The Microprocessor paradigm of understanding the brain is misleading. We do have parts of the brain that serve certain functions, but the waves of impulses that pulse through the brain aren't signals being sent back and forth between fixed processors. Instead, the wiring carrying the signals does the processing, the impulse in perpetual motion.

In dealing with gender and orientation issues, we must take that and other things into account. I doubt there is a specific switch in the brain on orientation. Like most functions, sexual attraction and arousal are products of many different parts of the brain. Isolating a gay gene in our genetic code or a gay spot in the brain could be no less futile than trying to find the seat of the soul or the place where all the memories are stored. The function may not be that simple, and "correcting" it may have a price we would balk at paying.

Gender issues are complex in this way, too. Math and Science are not taken care of by some discreet processors in the brain, but a variety of different parts working in concert. Granted, the parts in the brain that men have and women are likely a bit dissimilar, but how much so, and to what end? As I suggested in a recent comment to another Watchblogger's entry, the difference may be more in the way women think about math, science, and business, not in the ultimate quality of the decisions. In fact, the differing approach may be exactly what math, science and business need.

The ghost of the old establishment still lingers, an establishment that believes that there is a standard way to think about the world and all other approaches degenerate from it. The truth is, the world doesn't work that way. Our brain is a complex thing, both biologically and in how it experiences the world.

Such differences have already had their effect on the world in which we live.

The words Asperger's Syndrome, for example, may not mean much to the average person, but those with this condition have changed the world. Not may have, have.

People joke about folks with abnormally high focus on esoteric things, about folks with lousy social skills and annoying habits, but at the same time we marvel at intuitive intelligence that certain individuals have in the arts and sciences, with the printed word and the moving image. Our society talks about the folks that are made fun of today being their tormentors bosses tomorrow. We know these people, and yet we don't. They are frustratingly opaque in their manner, but paradoxically straightforward about what they believe and feel.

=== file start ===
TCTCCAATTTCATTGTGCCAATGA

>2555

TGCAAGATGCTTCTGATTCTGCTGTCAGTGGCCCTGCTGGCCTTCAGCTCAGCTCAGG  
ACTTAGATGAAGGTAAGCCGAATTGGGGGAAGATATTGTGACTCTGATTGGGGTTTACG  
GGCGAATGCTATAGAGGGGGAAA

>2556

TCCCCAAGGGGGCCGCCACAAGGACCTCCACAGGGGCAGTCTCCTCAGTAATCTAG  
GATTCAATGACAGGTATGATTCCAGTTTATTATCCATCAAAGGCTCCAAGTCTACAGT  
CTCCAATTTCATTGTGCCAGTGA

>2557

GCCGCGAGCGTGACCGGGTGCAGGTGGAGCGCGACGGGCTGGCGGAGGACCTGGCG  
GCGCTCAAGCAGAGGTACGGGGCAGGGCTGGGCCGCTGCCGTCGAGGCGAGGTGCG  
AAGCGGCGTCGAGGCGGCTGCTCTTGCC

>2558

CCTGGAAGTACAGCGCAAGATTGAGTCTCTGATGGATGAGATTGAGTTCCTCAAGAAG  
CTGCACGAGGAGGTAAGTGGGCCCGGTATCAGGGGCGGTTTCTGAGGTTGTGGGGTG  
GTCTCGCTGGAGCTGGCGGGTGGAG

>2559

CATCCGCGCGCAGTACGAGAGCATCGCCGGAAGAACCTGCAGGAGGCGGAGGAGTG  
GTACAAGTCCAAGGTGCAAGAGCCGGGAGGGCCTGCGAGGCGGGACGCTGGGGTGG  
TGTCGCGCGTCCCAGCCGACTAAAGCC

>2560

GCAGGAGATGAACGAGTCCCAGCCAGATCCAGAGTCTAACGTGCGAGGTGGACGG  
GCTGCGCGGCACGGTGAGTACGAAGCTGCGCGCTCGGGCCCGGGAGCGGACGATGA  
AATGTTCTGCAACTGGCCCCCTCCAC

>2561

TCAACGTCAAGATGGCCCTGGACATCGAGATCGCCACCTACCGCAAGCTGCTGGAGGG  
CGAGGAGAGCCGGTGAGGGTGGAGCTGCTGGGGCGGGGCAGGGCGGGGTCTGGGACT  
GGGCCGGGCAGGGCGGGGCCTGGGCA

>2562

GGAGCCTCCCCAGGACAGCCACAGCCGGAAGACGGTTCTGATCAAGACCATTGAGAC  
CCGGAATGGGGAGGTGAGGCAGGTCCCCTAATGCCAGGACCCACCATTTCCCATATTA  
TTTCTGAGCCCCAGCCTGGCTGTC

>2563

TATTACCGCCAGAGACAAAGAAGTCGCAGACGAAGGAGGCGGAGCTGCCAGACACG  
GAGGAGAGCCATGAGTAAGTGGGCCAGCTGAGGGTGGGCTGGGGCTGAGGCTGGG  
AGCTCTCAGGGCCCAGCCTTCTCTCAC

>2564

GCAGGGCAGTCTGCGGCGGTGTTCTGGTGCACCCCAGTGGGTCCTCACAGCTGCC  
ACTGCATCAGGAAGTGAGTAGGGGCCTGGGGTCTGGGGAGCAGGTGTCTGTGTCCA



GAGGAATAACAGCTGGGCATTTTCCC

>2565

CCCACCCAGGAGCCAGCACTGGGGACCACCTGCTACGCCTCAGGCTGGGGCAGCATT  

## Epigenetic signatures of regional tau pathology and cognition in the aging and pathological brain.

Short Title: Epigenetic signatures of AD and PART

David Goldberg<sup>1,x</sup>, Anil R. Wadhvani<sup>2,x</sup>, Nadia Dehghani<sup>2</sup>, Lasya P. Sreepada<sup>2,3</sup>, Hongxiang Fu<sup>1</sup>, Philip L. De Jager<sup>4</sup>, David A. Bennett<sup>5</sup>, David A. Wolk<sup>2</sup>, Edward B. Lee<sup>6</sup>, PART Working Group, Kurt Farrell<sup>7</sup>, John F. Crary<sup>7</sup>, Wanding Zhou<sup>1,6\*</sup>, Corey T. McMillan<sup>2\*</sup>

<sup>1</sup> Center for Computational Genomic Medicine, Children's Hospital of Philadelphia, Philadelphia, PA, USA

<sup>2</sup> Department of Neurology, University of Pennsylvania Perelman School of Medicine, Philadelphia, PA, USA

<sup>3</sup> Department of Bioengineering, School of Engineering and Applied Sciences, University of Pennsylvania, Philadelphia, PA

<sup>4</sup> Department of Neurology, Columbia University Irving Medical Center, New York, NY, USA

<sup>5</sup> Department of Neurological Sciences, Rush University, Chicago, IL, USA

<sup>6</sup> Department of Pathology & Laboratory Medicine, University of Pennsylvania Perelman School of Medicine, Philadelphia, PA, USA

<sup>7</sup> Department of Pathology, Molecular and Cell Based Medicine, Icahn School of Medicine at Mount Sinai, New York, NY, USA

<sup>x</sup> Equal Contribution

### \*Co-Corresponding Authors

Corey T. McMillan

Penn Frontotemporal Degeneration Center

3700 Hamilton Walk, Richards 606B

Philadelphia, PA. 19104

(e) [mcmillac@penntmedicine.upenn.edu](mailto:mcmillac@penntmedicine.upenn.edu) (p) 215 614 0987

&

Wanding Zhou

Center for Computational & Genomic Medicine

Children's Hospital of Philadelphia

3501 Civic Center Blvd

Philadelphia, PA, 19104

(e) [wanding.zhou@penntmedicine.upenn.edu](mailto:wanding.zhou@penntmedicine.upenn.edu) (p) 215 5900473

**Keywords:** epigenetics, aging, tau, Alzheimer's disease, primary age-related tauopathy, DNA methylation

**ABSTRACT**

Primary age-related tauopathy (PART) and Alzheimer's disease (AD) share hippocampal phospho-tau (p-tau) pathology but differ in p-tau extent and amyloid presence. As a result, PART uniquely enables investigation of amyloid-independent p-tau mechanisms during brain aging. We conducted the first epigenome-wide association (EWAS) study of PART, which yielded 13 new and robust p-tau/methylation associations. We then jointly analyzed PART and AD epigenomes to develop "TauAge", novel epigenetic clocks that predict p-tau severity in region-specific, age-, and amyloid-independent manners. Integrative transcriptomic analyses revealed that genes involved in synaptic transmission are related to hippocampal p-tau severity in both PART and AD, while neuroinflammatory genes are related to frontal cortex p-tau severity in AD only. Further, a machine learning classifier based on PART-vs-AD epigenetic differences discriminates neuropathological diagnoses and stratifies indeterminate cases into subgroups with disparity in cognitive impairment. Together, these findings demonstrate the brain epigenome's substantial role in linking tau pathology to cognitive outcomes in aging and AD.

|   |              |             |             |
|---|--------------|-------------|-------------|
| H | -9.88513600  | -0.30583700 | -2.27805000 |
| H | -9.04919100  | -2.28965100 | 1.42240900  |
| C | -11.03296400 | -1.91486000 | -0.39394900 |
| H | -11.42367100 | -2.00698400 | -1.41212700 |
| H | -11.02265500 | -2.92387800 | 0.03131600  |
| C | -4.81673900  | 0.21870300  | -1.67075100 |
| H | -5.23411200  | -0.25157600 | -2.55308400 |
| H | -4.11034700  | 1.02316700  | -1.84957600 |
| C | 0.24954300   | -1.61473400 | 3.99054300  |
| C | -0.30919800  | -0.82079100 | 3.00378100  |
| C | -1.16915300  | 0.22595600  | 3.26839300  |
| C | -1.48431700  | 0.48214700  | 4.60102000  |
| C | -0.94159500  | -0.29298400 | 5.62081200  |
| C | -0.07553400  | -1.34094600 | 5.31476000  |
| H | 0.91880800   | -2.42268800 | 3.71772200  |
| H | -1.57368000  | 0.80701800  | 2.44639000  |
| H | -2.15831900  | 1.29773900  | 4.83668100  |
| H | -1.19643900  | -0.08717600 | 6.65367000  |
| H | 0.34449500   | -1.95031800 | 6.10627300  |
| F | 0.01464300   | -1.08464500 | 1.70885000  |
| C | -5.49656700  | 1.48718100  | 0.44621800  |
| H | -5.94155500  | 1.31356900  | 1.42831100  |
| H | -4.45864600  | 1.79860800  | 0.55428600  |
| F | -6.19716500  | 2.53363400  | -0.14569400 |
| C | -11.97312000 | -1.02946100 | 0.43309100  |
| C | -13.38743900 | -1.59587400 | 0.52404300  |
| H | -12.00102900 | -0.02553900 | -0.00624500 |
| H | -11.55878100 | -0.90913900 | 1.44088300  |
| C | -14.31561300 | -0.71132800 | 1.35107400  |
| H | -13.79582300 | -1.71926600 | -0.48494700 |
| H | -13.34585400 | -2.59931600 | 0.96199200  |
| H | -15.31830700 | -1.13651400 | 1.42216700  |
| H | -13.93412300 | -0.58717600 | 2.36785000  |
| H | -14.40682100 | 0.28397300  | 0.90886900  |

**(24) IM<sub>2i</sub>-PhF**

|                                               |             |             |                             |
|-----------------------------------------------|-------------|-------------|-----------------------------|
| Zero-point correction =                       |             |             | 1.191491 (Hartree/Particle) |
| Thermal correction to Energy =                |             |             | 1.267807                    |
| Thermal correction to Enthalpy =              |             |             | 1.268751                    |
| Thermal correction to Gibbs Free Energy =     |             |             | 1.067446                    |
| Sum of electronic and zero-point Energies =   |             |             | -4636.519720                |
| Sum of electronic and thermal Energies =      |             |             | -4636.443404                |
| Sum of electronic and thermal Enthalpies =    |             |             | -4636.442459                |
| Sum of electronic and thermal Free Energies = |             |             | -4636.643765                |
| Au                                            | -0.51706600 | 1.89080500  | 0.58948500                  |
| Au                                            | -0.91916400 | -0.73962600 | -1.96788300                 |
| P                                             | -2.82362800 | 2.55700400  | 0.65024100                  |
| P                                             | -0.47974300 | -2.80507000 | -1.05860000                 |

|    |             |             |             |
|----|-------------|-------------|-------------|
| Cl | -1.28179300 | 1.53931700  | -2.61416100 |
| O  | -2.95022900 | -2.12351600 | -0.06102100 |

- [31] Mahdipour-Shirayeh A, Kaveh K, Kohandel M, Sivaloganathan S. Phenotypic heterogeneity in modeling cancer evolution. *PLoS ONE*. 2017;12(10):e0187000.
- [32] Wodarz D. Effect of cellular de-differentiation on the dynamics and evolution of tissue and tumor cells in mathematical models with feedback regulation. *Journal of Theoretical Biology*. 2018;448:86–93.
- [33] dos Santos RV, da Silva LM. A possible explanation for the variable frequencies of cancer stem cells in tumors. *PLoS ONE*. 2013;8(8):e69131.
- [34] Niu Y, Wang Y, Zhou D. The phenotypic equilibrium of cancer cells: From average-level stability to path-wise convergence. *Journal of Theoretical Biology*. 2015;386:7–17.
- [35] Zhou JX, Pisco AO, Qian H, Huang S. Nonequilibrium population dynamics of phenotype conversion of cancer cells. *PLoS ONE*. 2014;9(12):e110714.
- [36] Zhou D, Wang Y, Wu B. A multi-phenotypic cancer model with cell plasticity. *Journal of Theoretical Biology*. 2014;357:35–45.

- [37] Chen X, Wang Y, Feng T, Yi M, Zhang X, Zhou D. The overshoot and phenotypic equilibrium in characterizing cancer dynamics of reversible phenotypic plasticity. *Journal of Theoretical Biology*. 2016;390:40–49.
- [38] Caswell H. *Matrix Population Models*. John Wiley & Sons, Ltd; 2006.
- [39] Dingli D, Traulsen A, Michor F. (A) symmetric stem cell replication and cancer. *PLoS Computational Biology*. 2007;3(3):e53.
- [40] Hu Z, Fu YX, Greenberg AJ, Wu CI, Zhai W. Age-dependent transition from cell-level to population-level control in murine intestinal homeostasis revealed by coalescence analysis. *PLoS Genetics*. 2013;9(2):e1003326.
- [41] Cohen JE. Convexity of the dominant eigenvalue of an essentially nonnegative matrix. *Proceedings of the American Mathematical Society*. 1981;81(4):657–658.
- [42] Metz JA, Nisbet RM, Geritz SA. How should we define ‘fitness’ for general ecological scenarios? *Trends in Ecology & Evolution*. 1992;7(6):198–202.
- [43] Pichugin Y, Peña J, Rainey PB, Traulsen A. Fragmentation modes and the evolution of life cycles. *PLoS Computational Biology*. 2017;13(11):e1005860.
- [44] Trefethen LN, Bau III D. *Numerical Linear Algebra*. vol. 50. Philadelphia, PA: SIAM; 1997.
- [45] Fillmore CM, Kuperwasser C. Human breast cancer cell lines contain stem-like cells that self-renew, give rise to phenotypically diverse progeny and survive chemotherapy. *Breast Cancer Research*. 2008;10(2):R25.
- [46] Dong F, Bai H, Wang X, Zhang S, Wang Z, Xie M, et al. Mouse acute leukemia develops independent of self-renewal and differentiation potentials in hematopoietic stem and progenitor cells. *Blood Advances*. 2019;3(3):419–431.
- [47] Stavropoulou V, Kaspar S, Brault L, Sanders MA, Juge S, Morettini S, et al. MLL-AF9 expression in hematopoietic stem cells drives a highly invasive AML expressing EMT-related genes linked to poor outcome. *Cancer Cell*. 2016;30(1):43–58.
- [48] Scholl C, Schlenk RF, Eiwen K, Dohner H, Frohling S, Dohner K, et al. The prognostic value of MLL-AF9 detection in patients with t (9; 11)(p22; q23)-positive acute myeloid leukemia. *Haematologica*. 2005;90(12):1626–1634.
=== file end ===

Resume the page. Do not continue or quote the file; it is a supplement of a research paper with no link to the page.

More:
From a certain perspective, this Autism-spectrum condition would be a disability to be selected against in looking for the ideal in human thought. It's true that Asperger's Syndrome has its pathological, dysfunctional side, and many find those who have it frustratingly out of sync with the ideals of our strongly social, fun-loving, life-in-the-moment obsessed society. But the life of the neurotypical and those who live with Asperger's are more entwined than one might expect, or perhaps care to admit, especially in a day and age with complex technology like ours.

Asperger's is an extreme example, but one that should be paid attention to when regarding the abilities of women in math and science. After all, A woman deserves much of the credit in discovering the structure of DNA, alongside Watson and Crick. A woman discovered the first radioactive element, Radium. Heck, a woman named Ada Lovelace is credited as the first computer programmer. She was a contemporary and associate of Charles Babbage, regarded now as the father of computing.

I guess my point is that we should take these differences in neurology and not use them as some justification to shut people out, but instead exploit the opportunities available in taking on problems and issues from a different point of view, and a different state of mind. America prides itself on using the talents and abilities of all, instead of wasting them over old prejudices and assumptions. It is only American not to underestimate women or unconventional thinkers in business, the arts or the sciences.

Posted by Stephen Daugherty at March 12, 2005 8:18 AM